In severe cases of poisoning, diazepam may be given through the IV to control any tremors or seizures. With this medication, your dog will have to be carefully observed, especially if he is having abnormalities with the central nervous system.
IV fluids will be given to restore hydration, keep your dog’s electrolyte levels stable, and promote further flushing of the toxins from his body. IV fluids promote proper kidney function and urination.
Your companion may have to be hospitalized for a few days. The veterinarian will want to monitor his liver enzymes and his central nervous system activity, as well as any gastrointestinal inflammation he may be suffering from. Your dog will be given IV fluids throughout this time and possibly oxygen therapy as well. Your medical professional will also continue to monitor his vital signs and take regular blood samples.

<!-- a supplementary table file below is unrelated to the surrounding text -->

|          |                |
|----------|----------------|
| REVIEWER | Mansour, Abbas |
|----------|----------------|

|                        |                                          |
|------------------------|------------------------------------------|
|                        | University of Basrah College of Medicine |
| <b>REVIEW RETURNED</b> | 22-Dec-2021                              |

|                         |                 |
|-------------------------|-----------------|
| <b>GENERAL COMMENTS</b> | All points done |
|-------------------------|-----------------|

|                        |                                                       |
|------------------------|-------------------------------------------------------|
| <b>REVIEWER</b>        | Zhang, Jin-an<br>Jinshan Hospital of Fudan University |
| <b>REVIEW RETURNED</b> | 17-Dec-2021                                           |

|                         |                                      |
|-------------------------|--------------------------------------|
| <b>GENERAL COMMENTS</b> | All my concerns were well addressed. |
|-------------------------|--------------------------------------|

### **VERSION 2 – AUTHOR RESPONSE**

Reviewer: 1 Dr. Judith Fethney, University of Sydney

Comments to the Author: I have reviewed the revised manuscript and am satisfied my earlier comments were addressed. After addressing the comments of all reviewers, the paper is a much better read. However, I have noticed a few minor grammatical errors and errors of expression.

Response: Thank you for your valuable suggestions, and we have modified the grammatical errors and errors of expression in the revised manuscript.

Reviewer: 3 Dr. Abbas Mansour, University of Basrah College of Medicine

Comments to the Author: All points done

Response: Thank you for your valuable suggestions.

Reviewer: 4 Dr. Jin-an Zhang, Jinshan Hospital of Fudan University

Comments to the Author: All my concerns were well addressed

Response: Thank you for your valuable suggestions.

Recovery of Umbrella Tree Poisoning in Dogs
If the poisoning is caught right away and your dog effectively responds to treatment, prognosis is good. If symptoms become too severe before treatment is given, prognosis of this type of toxicity is guarded. If your dog is showing signs recovery after his stay in the hospital or his veterinary visit, he will be sent home with specific instructions for you to follow on his aftercare.
Encourage your dog to rest and avoid active play. Your dog may also be put on a bland diet, either in prescription form given by the veterinarian or with an at-home bland diet which includes boiled chicken and rice. Your veterinarian will want to see your dog again for future visits to be sure he is recovering properly.
Be sure to remove any plants with insoluble calcium oxalates from your home, as they can be ingested once again by your companion. Check to see if any of your other plants are also toxic as well. In order to do this, you can research online, contact your veterinarian, or contact your local ASPCA and they will tell you whether or not the plants in your home are poisonous.